Lately, I've had very little patience for anyone, including myself, and have been overly emotional when listening to Disney songs. I think about things while driving (since I can't bus and read) and have strange dreams at night. I can't wait to return to "normal" because I like the person I become better when I can be nicer to others (because I'm not so preoccupied trying to be nice to myself-- I do have to work at this, and when it becomes a priority, it's a lot harder to take care of anyone else, because shit, son, I'm a handful!)

ANYWAY! Today is the first day in a very long time I've not had a full schedule of classes (or been away on business) at work. I have no classes. And while I know it is frustrating and annoying to go to work each day and not have anything to do, I personally like these days now and then, to just sort of catch up, so I'm not clinging to the last edge of my sanity while crafting the crappiest of lesson plans at 6pm when I'm still at work on a Tuesday night.

I joked that it meant I could use the morning class periods to FREAK OUT ABOUT--haha, I mean "get ready for" speech contest, but honestly I won't get nervous until it's upon us, so all morning I'll just... do what I gratefully do with any given morning. Write, think, pace, try to get on top of the stuff I've let go in a big way, try to stay on top of the stuff I couldn't afford to let go.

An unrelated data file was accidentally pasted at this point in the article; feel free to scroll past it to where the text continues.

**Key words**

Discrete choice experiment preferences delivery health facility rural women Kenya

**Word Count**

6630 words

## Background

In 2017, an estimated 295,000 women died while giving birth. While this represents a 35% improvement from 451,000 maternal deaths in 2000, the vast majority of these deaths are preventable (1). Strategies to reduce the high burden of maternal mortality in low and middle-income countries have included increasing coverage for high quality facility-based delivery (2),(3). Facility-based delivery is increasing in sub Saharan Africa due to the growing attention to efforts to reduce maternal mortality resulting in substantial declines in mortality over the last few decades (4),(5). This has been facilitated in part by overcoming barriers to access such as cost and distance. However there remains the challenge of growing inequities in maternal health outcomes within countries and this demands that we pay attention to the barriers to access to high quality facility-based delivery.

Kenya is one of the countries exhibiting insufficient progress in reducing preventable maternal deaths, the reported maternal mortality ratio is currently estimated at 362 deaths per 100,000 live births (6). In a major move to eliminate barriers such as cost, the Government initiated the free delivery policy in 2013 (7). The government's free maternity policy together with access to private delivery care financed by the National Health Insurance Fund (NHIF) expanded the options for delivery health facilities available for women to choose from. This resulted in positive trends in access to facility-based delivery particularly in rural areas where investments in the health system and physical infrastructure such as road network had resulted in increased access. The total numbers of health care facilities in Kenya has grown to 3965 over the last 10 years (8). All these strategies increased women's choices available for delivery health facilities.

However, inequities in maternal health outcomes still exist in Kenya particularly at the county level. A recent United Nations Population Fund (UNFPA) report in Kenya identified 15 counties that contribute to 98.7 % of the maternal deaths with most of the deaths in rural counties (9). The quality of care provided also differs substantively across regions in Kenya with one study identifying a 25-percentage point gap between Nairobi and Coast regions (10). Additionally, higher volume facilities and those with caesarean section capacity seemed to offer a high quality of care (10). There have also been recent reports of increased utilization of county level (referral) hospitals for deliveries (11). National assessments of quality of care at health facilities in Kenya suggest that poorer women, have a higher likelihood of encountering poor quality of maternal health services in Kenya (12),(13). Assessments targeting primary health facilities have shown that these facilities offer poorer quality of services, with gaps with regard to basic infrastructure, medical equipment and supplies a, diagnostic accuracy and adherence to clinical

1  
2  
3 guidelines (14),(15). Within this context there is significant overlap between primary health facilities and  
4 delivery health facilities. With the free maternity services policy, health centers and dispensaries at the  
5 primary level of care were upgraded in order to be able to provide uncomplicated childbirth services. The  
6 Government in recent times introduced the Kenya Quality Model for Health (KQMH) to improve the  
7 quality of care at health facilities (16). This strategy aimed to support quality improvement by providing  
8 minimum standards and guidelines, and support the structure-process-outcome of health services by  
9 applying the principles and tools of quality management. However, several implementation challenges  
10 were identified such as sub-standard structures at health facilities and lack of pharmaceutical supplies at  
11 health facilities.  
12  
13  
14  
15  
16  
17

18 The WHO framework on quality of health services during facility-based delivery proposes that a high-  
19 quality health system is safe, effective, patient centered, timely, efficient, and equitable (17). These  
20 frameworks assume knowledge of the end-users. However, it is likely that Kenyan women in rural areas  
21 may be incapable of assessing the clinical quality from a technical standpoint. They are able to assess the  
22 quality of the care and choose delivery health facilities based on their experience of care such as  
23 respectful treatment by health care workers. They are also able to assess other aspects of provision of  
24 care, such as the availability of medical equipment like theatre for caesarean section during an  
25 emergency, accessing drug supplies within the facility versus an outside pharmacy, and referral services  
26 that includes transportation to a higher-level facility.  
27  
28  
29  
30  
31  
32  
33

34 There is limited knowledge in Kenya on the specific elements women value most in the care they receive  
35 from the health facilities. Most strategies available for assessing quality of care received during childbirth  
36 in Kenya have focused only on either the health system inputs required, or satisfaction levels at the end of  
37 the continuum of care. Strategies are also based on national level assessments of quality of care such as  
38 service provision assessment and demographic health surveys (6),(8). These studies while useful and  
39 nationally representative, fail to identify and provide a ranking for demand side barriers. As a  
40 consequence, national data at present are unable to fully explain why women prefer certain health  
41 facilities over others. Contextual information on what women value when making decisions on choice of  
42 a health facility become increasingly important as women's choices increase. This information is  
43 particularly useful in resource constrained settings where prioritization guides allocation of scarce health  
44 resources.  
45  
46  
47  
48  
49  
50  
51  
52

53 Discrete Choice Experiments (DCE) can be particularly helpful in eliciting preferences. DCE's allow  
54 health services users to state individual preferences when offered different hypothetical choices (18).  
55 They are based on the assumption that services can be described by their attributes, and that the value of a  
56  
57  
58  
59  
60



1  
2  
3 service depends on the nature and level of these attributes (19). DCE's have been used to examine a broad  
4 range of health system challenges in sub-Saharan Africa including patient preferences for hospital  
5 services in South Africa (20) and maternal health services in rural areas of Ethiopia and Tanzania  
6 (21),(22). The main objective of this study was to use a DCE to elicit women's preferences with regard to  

My model speech is long, as has been noted by lots of people, but I have memorized it all, and fairly well. I paced around outside until that happened. How well I'll be able to keep it when standing on the stage remains to be seen, but I am sure that with my page in front of me to glance at surreptitiously, I will be able to give the appearance of knowing it excellently. And now, because I know you're dying of curiousity to know what today's model speech will say.

It's called "The Difference"

It seems like people are always asking me, do you have suchandsuch in your country? No matter what they are asking about, my answer is almost always the same. Yes, but it's different there.

Everyone wants to know what is different about a foreign place. My family back in America is amazed by some of the stories that I tell about how life is different in Japan. They want to know about Japanese toilets and Japanese festivals and Japanese hierarchy systems and Japanese food. Things that are different catch our attention, because they are more exciting and interesting.